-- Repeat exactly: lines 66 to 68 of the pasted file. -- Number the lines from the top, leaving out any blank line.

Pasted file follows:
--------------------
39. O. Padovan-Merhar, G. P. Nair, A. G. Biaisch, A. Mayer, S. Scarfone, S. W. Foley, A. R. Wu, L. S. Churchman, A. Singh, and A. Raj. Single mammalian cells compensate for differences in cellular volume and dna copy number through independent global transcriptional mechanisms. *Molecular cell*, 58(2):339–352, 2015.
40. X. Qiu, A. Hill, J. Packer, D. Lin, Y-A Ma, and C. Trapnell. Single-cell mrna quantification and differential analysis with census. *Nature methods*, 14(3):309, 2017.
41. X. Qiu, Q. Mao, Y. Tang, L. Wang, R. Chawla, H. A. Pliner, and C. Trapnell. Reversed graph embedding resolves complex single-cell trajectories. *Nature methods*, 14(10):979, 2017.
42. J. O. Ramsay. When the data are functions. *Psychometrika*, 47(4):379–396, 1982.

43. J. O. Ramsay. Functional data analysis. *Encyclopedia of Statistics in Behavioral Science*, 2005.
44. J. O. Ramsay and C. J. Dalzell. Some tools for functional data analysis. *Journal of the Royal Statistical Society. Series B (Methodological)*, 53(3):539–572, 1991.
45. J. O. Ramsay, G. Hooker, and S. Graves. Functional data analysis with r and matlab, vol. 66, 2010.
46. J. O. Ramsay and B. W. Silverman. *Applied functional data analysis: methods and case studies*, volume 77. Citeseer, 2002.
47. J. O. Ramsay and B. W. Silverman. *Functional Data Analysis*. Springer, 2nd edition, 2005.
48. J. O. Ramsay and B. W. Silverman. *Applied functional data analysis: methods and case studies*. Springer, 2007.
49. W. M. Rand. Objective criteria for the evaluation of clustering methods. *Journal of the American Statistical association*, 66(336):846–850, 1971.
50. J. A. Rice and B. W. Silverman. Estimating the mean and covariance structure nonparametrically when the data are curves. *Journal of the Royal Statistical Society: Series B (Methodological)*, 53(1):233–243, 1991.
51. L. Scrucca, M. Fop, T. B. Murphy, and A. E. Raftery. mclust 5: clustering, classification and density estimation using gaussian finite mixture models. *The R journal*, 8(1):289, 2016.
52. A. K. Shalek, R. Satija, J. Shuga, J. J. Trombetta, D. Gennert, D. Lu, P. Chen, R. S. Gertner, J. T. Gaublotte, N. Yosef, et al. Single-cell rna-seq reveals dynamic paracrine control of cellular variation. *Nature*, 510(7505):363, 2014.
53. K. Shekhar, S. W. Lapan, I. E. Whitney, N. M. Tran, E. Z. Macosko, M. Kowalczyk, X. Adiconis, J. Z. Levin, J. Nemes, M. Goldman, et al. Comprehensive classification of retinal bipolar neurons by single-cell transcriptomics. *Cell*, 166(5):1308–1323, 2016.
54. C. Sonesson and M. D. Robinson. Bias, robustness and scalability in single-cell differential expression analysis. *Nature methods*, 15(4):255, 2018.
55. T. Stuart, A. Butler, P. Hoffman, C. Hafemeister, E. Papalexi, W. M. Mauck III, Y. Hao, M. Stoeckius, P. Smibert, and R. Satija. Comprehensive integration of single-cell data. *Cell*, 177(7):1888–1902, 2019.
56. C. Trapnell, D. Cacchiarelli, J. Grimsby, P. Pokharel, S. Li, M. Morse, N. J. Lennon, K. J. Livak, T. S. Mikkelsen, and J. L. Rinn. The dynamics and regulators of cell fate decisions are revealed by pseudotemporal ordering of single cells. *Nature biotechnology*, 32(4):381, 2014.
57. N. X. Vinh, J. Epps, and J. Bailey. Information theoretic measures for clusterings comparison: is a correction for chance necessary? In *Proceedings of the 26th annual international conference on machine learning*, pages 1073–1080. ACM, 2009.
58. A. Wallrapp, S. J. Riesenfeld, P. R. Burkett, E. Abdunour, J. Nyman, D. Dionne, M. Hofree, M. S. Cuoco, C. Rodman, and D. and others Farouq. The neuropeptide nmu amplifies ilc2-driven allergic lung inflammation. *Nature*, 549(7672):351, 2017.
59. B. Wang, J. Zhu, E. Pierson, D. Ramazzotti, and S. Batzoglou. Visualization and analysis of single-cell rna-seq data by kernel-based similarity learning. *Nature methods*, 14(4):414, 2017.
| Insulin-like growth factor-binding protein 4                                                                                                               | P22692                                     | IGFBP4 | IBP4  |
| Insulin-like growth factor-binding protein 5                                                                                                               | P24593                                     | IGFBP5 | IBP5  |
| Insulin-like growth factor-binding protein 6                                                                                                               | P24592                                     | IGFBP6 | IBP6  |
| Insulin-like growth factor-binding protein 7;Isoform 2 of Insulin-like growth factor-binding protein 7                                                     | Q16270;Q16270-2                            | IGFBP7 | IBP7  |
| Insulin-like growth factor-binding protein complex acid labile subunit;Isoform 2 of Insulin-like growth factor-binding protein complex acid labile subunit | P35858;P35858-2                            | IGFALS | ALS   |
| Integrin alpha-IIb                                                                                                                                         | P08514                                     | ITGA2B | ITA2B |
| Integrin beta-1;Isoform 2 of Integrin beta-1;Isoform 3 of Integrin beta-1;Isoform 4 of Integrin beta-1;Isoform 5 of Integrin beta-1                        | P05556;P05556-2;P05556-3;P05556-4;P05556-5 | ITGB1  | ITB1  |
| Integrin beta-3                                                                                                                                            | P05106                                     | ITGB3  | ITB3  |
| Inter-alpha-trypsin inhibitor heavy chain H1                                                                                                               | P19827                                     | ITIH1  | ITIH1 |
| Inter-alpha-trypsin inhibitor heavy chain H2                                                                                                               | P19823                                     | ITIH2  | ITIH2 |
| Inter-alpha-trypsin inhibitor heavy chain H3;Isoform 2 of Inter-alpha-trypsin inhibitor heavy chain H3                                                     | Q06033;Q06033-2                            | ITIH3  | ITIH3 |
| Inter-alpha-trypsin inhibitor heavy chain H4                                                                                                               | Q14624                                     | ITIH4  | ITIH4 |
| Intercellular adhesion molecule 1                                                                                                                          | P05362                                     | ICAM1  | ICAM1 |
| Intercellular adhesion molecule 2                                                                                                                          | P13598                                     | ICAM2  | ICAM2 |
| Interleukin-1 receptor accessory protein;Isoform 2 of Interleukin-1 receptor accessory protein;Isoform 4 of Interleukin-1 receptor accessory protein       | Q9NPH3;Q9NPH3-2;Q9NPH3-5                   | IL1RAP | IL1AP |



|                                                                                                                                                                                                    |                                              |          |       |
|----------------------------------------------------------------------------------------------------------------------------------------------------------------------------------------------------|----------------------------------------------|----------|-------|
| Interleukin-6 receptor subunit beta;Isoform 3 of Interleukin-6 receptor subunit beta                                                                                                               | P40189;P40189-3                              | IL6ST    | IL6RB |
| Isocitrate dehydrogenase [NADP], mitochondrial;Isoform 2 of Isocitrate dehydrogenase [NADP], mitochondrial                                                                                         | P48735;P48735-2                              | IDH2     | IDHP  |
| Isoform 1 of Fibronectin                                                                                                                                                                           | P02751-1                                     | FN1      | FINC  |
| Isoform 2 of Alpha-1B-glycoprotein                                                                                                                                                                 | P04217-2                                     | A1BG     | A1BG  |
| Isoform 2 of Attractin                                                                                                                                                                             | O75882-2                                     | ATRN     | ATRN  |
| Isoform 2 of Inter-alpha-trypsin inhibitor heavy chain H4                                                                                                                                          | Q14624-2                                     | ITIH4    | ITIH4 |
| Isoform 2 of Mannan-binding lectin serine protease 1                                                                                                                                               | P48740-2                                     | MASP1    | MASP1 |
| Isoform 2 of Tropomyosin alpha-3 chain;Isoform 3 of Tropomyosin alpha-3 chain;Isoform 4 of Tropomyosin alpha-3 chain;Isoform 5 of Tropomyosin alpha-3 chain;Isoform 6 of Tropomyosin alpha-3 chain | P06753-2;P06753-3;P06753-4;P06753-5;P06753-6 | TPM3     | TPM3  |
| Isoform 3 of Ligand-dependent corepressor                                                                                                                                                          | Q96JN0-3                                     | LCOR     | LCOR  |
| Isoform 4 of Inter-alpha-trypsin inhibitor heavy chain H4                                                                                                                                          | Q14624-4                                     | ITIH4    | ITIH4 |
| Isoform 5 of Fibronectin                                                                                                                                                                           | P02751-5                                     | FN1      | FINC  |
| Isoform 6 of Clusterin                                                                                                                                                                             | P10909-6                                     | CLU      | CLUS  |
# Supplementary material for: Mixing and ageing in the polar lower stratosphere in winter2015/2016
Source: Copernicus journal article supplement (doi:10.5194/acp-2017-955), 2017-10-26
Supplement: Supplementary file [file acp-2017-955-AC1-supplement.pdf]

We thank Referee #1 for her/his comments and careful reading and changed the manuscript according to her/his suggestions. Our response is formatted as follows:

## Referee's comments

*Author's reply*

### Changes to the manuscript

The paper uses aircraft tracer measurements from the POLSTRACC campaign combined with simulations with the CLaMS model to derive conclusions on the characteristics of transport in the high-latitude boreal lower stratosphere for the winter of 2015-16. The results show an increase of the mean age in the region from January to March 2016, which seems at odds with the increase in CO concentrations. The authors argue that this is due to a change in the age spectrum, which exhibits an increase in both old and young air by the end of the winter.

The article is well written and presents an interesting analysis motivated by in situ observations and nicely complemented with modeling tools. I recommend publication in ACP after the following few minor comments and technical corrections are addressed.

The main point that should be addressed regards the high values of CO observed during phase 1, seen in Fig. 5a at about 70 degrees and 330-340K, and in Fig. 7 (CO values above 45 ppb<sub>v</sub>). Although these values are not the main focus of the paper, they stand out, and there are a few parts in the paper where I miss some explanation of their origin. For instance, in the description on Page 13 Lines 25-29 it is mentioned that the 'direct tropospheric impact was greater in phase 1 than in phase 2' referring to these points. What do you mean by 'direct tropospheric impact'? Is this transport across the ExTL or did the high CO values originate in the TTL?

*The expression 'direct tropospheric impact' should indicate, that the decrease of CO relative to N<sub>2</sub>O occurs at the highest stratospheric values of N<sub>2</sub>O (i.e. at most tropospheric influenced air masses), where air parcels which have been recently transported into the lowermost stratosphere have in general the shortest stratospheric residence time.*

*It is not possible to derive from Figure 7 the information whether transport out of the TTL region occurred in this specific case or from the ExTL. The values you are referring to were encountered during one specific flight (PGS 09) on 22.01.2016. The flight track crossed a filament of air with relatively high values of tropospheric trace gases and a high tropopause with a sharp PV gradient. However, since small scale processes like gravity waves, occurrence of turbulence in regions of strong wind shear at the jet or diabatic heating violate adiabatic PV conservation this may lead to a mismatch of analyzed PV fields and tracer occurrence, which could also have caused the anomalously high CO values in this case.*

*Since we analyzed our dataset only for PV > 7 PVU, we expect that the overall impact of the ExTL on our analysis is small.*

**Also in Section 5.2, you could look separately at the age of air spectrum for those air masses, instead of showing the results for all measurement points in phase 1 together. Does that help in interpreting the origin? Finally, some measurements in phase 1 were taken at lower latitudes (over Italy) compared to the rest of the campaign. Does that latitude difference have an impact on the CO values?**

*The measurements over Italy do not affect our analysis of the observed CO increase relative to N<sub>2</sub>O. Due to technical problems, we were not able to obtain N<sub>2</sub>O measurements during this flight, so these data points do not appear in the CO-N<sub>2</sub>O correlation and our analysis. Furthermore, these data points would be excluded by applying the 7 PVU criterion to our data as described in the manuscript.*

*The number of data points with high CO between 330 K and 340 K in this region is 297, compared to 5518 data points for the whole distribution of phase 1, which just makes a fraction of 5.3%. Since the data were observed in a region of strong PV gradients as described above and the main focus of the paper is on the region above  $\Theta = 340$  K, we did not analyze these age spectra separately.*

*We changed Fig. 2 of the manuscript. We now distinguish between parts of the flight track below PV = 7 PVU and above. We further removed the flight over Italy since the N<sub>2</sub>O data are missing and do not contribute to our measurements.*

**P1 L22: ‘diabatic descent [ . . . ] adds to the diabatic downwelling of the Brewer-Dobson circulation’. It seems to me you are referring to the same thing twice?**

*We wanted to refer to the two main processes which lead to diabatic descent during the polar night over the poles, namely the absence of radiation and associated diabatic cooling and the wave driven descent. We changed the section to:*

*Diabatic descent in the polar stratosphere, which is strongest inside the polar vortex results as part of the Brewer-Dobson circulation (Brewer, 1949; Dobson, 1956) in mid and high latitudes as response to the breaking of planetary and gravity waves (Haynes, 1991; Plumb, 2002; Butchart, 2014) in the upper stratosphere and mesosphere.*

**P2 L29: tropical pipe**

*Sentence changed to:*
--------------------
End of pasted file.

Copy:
*The number of data points with high CO between 330 K and 340 K in this region is 297, compared to 5518 data points for the whole distribution of phase 1, which just makes a fraction of 5.3%. Since the data were observed in a region of strong PV gradients as described above and the main focus of the paper is on the region above  $\Theta = 340$  K, we did not analyze these age spectra separately.*

*We changed Fig. 2 of the manuscript. We now distinguish between parts of the flight track below PV = 7 PVU and above. We further removed the flight over Italy since the N<sub>2</sub>O data are missing and do not contribute to our measurements.*

**P1 L22: ‘diabatic descent [ . . . ] adds to the diabatic downwelling of the Brewer-Dobson circulation’. It seems to me you are referring to the same thing twice?**